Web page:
The strongest storm thus far of the 2018–2019 storm season brought a brief but intense blow to the Pacific Northwest on January 5/6, with south/central Puget Sound (including the Leschi area) experiencing 50–60 mph winds and worst damage. I’ve heard that some folks are calling this storm the “Epiphany Storm” since 1/6 was Epiphany 2019 (the 12th day after Christmas).
A toppled tree just east of Leschi Elementary on Lake Dell Ave. Image courtesy Sara Robertson.
As far as wintertime midlatitude cyclones go, the Epiphany Storm was relatively weak. Based on observations near Long Beach in far SW Washington, it looks like the central pressure dropped to 982–983mb, which is strong but nothing out of the ordinary. On satellite, the storm resembled a “glob of clouds” rather than a well-defined, hook-shaped midlatitude cyclone.
However, the Epiphany Storm had two distinct features that helped it deliver a solid, region wide below despite its small size.
First, the storm took a nearly perfect track for high winds in Puget Sound. It raced NNE from just off the Oregon Coast to Cape Disappointment and eventually across the Strait of Juan de Fuca towards the US/Canada border. As it did so, it dragged a small region of intense pressure gradients across the highly populated I-5 corridor, knocking out power to hundreds of thousands of people and causing one injury in the process.
Second, there were strong pressure rises at most stations with the passage of this storm. The NNE (as opposed to more easterly) track, the moderate/fast speed and the intense pressure gradients to the south of the low-pressure center all played a role. Most stations saw their strongest winds during the time of maximum pressure rise immediately after the center of the storm had passed.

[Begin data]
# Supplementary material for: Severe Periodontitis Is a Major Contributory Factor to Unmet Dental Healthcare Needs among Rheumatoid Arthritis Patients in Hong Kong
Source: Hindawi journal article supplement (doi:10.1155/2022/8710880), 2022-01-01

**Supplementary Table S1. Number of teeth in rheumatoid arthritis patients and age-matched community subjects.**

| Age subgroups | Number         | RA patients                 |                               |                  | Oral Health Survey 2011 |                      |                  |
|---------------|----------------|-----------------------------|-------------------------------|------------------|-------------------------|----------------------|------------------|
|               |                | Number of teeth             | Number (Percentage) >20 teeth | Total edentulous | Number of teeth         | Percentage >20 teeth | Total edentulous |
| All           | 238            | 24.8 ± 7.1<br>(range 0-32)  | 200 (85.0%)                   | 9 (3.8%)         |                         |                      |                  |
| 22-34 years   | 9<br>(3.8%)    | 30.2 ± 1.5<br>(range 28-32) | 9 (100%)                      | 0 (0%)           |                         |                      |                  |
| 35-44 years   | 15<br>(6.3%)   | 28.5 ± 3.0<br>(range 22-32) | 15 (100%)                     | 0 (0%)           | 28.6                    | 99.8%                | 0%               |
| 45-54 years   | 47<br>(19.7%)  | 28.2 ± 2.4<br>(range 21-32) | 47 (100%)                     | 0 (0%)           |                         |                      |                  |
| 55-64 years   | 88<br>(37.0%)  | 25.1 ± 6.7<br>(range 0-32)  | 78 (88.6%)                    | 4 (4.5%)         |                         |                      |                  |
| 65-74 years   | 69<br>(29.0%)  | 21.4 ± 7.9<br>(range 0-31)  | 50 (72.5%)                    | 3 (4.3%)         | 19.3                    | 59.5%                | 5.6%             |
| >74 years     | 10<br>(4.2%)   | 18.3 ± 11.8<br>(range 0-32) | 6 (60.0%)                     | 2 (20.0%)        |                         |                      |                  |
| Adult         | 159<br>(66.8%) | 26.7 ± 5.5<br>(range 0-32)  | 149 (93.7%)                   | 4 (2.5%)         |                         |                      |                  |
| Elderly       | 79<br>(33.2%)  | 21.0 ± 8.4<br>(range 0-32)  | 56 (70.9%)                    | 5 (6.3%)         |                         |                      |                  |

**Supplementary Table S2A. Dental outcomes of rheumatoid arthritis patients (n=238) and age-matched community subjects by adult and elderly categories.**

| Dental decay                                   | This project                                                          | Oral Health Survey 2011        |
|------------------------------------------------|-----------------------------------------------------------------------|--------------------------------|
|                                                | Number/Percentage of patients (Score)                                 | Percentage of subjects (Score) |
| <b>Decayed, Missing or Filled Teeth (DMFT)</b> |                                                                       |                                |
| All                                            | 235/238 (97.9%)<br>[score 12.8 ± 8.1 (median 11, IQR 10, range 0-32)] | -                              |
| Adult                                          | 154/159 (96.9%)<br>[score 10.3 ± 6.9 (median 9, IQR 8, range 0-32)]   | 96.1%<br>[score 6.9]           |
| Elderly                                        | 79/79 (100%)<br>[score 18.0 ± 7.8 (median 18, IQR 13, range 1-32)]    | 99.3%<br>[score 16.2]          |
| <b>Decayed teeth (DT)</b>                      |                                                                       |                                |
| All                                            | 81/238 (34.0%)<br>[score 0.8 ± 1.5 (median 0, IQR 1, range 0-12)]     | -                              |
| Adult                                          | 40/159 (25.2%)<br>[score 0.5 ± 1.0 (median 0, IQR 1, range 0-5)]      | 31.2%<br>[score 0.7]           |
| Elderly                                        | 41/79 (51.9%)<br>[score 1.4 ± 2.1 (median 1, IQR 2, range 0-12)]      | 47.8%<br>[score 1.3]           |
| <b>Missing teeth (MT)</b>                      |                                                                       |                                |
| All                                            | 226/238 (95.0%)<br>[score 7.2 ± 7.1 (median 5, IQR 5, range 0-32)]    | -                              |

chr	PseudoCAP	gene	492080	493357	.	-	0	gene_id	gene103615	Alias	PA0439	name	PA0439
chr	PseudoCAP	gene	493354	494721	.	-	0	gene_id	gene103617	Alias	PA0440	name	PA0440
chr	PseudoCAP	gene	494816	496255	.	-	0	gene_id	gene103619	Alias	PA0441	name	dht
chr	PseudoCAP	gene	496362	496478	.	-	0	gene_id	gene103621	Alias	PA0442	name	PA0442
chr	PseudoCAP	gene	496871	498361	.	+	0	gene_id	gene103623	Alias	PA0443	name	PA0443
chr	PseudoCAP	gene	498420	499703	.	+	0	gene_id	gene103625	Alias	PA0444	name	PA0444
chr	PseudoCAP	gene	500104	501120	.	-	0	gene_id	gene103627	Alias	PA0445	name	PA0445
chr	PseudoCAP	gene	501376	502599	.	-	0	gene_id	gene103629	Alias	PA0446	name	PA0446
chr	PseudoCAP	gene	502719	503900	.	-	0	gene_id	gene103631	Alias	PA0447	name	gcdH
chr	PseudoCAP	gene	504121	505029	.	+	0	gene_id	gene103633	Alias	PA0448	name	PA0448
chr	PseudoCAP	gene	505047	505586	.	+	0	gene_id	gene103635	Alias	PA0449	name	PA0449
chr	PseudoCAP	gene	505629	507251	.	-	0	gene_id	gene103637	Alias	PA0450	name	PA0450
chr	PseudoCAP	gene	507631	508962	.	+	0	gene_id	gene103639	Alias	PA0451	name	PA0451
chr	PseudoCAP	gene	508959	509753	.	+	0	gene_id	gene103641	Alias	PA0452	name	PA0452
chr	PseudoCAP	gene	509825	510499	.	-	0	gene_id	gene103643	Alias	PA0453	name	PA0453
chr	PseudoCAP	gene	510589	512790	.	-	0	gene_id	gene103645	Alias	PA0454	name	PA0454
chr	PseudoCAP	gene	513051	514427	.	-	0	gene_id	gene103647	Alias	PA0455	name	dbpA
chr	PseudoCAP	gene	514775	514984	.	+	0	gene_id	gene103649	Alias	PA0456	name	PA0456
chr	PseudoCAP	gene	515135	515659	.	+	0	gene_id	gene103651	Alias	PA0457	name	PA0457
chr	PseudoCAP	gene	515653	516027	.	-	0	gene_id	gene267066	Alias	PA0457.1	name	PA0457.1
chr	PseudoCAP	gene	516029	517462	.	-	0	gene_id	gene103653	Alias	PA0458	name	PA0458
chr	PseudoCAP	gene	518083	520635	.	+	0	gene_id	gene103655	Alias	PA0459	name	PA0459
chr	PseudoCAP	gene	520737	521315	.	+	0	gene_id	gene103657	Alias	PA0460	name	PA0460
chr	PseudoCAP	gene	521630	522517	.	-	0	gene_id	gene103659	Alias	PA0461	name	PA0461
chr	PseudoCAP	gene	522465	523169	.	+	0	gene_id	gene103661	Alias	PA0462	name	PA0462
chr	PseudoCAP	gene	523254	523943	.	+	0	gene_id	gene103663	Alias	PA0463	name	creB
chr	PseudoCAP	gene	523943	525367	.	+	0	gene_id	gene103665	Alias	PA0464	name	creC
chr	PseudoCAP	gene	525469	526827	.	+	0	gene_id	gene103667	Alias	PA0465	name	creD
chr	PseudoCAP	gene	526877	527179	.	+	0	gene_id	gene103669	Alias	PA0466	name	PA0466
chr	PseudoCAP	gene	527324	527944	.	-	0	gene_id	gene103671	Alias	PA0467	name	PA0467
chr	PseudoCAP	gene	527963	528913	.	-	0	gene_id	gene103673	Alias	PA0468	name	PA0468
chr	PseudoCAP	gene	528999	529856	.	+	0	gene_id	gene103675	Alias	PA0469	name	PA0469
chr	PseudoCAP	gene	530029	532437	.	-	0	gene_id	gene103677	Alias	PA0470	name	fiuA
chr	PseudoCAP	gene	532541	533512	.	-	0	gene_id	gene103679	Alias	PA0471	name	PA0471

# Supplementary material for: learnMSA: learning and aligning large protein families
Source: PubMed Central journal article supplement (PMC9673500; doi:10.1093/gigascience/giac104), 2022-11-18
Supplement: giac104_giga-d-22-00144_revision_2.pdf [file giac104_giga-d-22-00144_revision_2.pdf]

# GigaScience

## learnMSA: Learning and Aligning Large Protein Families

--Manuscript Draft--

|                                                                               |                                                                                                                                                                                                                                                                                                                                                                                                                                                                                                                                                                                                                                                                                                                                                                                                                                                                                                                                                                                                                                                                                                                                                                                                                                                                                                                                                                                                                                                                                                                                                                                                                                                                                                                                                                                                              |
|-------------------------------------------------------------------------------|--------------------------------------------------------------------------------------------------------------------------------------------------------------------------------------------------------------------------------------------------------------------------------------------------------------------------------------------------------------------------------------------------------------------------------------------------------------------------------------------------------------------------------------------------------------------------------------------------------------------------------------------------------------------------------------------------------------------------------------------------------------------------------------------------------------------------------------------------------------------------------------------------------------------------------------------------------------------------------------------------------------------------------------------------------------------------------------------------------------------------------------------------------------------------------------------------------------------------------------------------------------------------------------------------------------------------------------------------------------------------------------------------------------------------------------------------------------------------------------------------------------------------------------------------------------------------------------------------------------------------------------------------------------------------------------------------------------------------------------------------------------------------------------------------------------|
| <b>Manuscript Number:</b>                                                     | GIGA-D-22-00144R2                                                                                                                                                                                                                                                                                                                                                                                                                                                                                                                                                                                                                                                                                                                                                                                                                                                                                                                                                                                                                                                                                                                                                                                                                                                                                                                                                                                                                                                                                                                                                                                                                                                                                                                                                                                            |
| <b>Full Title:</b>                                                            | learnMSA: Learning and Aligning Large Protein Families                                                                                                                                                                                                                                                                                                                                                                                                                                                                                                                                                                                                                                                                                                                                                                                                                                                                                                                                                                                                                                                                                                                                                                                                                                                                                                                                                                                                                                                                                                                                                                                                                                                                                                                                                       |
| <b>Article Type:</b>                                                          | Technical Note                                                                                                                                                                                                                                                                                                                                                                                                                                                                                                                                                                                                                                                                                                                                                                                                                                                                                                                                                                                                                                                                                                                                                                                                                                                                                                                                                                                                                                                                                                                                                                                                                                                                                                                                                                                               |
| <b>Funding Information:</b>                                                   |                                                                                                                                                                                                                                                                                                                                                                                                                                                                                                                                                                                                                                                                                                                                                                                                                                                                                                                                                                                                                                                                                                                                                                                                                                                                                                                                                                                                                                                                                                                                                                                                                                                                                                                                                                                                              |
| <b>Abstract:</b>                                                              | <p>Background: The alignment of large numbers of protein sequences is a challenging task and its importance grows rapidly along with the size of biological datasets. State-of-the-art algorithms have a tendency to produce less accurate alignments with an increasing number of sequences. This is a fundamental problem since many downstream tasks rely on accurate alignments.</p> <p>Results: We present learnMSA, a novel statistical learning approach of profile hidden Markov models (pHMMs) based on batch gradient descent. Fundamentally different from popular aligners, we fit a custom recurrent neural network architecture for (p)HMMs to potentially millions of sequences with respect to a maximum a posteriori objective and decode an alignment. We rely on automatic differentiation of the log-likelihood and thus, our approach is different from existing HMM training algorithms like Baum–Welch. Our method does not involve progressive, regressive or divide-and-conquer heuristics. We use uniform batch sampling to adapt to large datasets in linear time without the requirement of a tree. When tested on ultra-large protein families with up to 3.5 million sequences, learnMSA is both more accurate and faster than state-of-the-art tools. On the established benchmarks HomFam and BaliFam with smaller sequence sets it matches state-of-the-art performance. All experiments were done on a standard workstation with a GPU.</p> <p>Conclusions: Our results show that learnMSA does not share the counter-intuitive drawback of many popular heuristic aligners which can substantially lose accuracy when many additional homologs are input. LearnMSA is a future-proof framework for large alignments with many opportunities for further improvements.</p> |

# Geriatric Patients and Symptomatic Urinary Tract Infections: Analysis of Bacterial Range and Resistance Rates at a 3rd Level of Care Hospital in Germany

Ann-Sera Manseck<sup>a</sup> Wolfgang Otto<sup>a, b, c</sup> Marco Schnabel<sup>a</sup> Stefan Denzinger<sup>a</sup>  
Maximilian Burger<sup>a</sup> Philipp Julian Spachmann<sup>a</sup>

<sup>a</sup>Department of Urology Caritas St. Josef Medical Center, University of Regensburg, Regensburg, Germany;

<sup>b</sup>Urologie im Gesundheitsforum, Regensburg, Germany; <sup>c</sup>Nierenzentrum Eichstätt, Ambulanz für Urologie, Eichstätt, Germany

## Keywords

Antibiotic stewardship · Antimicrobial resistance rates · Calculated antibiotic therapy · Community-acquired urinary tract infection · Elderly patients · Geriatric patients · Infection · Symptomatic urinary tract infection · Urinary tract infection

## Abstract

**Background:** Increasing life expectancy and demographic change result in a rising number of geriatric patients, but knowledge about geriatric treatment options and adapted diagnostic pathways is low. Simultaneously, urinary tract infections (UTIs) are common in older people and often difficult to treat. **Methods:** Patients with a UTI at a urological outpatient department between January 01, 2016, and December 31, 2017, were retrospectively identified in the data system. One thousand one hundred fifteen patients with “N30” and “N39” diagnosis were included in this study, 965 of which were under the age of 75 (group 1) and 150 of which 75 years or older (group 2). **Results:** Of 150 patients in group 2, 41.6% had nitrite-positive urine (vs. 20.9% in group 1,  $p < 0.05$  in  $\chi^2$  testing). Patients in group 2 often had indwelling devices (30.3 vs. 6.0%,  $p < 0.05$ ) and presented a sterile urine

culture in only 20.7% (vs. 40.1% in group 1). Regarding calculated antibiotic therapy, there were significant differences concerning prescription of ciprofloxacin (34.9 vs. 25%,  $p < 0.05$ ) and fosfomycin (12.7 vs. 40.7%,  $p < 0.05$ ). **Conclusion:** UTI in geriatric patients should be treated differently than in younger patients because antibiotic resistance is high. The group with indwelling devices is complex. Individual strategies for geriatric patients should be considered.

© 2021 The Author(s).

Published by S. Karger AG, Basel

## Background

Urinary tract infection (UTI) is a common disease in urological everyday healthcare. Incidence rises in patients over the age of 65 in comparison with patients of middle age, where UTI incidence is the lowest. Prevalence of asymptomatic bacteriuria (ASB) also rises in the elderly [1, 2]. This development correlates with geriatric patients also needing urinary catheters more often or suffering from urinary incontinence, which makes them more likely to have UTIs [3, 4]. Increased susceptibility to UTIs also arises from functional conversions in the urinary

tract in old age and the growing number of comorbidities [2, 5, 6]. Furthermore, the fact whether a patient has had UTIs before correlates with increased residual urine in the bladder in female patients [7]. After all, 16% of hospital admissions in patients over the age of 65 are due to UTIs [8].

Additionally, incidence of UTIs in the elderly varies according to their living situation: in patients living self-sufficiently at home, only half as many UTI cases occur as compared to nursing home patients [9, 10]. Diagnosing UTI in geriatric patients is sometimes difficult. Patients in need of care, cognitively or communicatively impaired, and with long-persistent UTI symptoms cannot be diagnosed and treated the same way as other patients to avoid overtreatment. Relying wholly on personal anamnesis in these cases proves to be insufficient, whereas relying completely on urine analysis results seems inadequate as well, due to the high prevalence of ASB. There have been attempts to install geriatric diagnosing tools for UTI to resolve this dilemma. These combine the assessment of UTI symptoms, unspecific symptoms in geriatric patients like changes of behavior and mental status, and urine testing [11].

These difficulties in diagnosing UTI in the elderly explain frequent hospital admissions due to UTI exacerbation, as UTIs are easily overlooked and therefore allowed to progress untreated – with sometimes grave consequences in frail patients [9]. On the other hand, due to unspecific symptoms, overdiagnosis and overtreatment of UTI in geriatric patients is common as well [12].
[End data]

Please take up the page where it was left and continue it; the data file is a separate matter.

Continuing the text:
The University of Washington WRF-GFS model did a fantastic job modeling this storm. After several “so-so” or downright poor forecasts for major windstorms in recent years (the 2016 Ides of October storm comes to mind!), it’s refreshing to absolutely nail a forecast, especially with all the uncertainty that existed even 24 hours away from landfall due to differences in various models.
Most Pacific Northwest windstorms create a surge of westerly winds down the Strait of Juan de Fuca as they depart, and this storm was no exception. Not only did many locations throughout Island and San Juan Counties experience 60+ mph gusts from this westerly surge, but an intense squall line formed over Southern Whidbey Island and extended north all the way into Bellingham. The forecasters at the Seattle NWS office issued a rare Severe Thunderstorm Warning for 60 mph winds and penny-sized hail associated with this feature.
We can still get windstorms in February, March and even April, but they are more rare and generally weaker than the storms we see from November through January. So, while windstorm season is far from over, the chances of us seeing a storm stronger than the 2019 Epiphany Storm this winter/spring are quite low.
Charlie Phillips, a Madrona resident, received his B.S. in atmospheric sciences from the University of Washington and works in Portland as a meteorologist. Check out his weather website at charlie.weathertogether.net.